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One way to confirm if something in an image is a hot pixel or cosmic ray strike would be to have 2 telescopes and 2 cameras pointing at the same target. Both scopes with synchronized exposures. Say constantly taking 1min exposures each aat the same cadence. If something odd appears in both images in the same ra-dec coordinates then there's a good chance its some transient event rather than noise.

If I could just get a second C11 and Atik383 I'd give it a shot 🙂

 

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1 hour ago, vlaiv said:

Given the intensity of phenomena, I don't think it is far fetched to assume that there should be at least couple of photons, even more for very brief duration that could be picked up by amateur telescope. Maybe we already know about this phenomena and attribute it to something else?

I'm aiming here at "cosmic ray hits" that we get on our images from time to time. We consider them to be just noise and use different algorithms to remove it from our data - like sigma clip stacking. What is some of these events that we classify as cosmic ray hits in fact come from FRB type events? Since majority of FRB events are one time thing - it would not repeat on multiple frames - we would not have a reason to believe that it is anything more than a "glitch".

 

The problem is cosmic ray hits are not the same as detecting " a couple of photons" though. A cosmic ray hit produces typically tens of thousands of electrons in the detector so are extremely strong signals. I think you would have a problem detecting the correlation of a weak signal between amateur images.  I have sometimes wondered though about using synchronised telescopes to do high speeed photometry, removing scintillation noise by cross correlation and detecting high speed variability brightness in targets.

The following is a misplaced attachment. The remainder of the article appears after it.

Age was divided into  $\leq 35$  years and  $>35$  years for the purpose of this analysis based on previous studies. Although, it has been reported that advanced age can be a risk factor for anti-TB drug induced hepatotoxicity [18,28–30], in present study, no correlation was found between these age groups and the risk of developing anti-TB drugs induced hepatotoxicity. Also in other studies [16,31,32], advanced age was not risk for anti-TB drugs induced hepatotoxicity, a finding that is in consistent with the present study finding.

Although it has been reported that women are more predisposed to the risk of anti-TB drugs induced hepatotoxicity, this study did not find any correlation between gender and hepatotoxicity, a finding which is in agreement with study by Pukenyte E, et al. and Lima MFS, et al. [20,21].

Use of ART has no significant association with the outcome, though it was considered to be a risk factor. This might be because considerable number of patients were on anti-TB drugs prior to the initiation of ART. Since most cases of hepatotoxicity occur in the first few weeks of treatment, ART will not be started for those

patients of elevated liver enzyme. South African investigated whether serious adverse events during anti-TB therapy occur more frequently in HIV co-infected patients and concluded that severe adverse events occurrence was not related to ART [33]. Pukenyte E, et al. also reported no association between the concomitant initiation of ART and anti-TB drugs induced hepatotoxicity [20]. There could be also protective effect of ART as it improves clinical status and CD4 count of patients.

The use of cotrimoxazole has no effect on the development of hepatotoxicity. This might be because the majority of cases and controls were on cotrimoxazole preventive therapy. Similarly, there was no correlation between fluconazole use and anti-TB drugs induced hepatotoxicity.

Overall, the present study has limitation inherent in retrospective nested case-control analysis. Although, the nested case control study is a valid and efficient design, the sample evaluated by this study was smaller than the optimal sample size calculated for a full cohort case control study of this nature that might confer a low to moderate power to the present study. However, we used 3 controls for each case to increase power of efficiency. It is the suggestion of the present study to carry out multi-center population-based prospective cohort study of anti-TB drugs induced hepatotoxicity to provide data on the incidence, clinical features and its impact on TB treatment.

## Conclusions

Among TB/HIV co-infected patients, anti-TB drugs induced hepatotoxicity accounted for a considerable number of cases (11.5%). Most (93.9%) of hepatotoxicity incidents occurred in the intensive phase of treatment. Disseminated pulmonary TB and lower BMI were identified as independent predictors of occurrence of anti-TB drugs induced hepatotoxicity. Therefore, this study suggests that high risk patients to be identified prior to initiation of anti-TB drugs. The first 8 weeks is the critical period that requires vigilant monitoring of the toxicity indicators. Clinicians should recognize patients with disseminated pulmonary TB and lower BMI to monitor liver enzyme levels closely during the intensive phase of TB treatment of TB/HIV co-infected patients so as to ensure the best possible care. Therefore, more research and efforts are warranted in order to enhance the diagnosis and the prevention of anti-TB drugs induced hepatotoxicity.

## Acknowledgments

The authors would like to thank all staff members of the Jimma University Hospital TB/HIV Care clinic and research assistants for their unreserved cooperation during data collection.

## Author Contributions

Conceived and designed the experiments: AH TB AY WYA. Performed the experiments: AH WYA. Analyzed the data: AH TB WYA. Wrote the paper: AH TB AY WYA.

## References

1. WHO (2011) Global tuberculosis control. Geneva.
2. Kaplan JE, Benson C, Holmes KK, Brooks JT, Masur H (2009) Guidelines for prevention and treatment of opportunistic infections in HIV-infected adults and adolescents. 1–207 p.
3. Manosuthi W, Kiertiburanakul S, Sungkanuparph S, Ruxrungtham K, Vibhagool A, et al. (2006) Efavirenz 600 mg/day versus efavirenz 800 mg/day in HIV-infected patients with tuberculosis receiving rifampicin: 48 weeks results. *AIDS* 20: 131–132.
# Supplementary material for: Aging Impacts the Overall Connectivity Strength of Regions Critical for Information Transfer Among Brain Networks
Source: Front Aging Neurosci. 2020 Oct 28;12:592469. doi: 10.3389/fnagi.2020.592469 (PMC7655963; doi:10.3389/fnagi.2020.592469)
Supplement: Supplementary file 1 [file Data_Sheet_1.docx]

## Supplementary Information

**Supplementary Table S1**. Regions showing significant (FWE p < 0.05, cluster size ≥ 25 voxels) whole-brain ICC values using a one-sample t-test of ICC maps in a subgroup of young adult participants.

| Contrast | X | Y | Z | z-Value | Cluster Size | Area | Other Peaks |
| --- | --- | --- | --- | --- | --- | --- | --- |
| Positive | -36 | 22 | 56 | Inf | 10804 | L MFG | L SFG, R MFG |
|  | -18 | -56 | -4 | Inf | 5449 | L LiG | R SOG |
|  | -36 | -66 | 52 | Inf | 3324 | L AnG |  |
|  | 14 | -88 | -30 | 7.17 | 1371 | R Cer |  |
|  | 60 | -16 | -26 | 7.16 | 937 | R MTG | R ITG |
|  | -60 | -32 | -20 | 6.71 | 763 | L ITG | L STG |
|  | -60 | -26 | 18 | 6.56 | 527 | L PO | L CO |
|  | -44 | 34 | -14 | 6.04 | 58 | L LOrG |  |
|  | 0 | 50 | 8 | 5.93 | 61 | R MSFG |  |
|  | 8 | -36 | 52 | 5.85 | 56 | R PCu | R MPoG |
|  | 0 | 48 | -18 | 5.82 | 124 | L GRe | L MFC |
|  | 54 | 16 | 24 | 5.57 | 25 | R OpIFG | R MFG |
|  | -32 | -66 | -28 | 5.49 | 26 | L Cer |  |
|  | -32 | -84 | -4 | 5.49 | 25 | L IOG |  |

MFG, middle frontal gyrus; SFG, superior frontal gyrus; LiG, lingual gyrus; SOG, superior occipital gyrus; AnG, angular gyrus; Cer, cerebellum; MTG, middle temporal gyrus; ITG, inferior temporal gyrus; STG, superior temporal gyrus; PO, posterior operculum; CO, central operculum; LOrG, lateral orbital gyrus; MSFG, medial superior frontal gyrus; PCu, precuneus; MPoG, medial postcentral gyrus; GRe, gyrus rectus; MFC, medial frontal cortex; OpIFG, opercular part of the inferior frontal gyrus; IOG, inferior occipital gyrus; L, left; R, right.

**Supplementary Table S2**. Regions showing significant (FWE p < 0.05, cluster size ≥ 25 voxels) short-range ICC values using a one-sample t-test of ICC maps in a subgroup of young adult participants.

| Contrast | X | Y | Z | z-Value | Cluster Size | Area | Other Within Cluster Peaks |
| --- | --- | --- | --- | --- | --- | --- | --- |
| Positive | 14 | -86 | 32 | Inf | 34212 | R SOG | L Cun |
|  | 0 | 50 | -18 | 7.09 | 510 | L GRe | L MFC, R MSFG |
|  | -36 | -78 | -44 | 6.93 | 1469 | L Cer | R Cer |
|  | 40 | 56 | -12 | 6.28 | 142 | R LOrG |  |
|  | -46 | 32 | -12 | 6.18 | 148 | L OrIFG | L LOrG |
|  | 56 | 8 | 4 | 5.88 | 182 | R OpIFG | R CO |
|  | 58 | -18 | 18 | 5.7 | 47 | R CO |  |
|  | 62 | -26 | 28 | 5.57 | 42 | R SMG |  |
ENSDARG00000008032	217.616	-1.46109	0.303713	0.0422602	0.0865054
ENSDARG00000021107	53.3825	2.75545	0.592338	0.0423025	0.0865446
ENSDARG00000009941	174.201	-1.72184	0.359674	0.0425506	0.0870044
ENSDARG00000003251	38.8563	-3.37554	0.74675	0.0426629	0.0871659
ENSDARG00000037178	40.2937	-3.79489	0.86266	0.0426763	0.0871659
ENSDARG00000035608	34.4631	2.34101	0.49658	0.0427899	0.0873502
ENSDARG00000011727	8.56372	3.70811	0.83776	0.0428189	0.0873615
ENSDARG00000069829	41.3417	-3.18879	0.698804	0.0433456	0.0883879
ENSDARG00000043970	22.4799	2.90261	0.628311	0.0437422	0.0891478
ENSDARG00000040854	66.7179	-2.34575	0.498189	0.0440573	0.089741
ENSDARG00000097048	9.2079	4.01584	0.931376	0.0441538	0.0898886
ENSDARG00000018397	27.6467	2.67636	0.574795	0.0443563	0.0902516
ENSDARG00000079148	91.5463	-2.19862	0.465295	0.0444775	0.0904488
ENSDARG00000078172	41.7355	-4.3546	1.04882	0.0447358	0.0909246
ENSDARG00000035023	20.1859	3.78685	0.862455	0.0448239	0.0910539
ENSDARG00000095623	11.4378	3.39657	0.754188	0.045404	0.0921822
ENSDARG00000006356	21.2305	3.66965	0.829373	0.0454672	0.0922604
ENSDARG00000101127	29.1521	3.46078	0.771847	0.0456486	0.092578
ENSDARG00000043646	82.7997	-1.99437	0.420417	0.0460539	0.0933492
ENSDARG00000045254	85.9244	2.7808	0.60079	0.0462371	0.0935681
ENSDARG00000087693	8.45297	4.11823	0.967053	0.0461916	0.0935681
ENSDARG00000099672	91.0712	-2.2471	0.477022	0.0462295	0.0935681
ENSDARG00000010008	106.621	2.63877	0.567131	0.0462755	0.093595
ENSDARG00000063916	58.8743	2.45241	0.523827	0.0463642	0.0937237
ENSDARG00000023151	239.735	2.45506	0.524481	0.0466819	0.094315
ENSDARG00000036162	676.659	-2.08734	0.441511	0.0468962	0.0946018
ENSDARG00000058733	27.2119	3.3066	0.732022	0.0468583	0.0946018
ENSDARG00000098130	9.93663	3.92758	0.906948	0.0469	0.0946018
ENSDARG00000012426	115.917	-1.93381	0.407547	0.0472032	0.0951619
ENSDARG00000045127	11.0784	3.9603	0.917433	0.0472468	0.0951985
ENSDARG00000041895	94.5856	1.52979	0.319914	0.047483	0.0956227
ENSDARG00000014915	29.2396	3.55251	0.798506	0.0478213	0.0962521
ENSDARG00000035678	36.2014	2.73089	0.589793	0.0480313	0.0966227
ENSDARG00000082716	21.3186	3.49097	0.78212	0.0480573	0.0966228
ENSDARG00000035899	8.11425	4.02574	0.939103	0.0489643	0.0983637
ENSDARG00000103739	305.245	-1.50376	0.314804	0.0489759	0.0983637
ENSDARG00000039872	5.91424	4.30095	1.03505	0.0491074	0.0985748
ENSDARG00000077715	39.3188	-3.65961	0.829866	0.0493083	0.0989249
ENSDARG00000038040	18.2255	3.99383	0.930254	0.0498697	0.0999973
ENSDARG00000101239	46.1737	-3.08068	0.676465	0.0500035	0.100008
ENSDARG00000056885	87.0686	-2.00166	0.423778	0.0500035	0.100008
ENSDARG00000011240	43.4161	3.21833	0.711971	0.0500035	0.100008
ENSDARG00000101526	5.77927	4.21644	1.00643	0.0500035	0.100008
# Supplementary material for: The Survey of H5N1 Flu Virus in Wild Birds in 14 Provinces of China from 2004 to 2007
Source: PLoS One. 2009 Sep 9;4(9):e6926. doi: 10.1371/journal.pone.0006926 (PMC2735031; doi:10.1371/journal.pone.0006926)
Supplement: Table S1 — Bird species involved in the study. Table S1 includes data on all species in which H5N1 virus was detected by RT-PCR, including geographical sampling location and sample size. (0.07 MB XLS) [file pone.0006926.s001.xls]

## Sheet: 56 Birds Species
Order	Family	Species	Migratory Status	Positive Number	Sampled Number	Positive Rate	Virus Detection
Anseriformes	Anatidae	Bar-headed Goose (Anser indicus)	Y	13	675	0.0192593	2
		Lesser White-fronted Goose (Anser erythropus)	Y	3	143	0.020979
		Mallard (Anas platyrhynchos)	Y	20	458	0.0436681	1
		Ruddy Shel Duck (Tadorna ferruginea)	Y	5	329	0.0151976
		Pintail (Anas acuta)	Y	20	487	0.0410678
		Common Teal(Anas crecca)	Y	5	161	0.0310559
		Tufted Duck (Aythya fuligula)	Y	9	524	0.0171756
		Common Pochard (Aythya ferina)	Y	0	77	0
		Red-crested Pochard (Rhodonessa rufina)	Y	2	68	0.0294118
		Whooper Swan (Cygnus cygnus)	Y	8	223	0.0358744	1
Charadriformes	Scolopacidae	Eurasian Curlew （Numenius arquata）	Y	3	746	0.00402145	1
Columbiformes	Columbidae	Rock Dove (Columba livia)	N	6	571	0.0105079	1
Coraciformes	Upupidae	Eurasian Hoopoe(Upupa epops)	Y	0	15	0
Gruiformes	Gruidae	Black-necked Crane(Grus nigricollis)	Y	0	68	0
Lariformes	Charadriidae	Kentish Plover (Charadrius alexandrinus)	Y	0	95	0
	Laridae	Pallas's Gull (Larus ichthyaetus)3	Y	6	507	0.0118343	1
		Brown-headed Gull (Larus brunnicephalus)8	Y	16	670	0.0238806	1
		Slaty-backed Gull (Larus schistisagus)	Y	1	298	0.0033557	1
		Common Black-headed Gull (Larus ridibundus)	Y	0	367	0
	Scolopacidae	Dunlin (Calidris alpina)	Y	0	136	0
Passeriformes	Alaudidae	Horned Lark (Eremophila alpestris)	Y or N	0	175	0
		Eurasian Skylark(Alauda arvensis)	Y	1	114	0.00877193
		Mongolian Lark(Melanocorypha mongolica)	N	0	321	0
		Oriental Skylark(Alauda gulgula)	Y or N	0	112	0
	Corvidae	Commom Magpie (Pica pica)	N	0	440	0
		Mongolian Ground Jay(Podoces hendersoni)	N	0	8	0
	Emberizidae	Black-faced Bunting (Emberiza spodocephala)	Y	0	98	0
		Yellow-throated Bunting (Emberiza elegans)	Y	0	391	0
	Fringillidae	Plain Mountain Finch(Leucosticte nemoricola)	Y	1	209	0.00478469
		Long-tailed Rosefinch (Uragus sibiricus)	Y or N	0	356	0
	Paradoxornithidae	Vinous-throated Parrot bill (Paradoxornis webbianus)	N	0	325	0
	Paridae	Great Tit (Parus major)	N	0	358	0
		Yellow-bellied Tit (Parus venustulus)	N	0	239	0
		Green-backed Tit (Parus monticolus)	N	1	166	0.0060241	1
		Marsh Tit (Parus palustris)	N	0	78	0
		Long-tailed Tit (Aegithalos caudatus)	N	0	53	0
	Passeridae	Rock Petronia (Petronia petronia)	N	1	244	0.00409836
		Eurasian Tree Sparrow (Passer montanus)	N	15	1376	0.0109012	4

Robin

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57 minutes ago, dokeeffe said:

One way to confirm if something in an image is a hot pixel or cosmic ray strike would be to have 2 telescopes and 2 cameras pointing at the same target. Both scopes with synchronized exposures. Say constantly taking 1min exposures each aat the same cadence. If something odd appears in both images in the same ra-dec coordinates then there's a good chance its some transient event rather than noise.

If I could just get a second C11 and Atik383 I'd give it a shot 🙂

 

Not sure if exact sync of subs is needed - if anything resembling a signal is detected on any two of subs - each one at different scope / location but at the same celestial coordinates and same time frame (actual time frame will be dictated by intersection of two exposures that captured it) - then we could say we have something interesting - of course multiple scopes / location would only increase confidence of genuine event.

Don't think anyone should "double" their kit just for the effort alone, but many people do image night sky and there is a chance that some of them will image same part of the sky in the roughly same time frame.

Actual effort needed would be to first come up with protocol for examining subs from a session and extracting possible candidates - this should be fairly easy - sigma clip stacking and instead of taking image result we examine rejected pixels or group of pixels appearing on only one sub at particular location. Next we create list of candidates which can consist out of just few numbers:

RA, DEC, Start time, End time, any sort of rough photometric measurement - to get rough idea of intensity.

Such data can then be submitted to repository which will do cross reference checks and produce "confirmed" events (any submitted events that are close enough in given coordinates).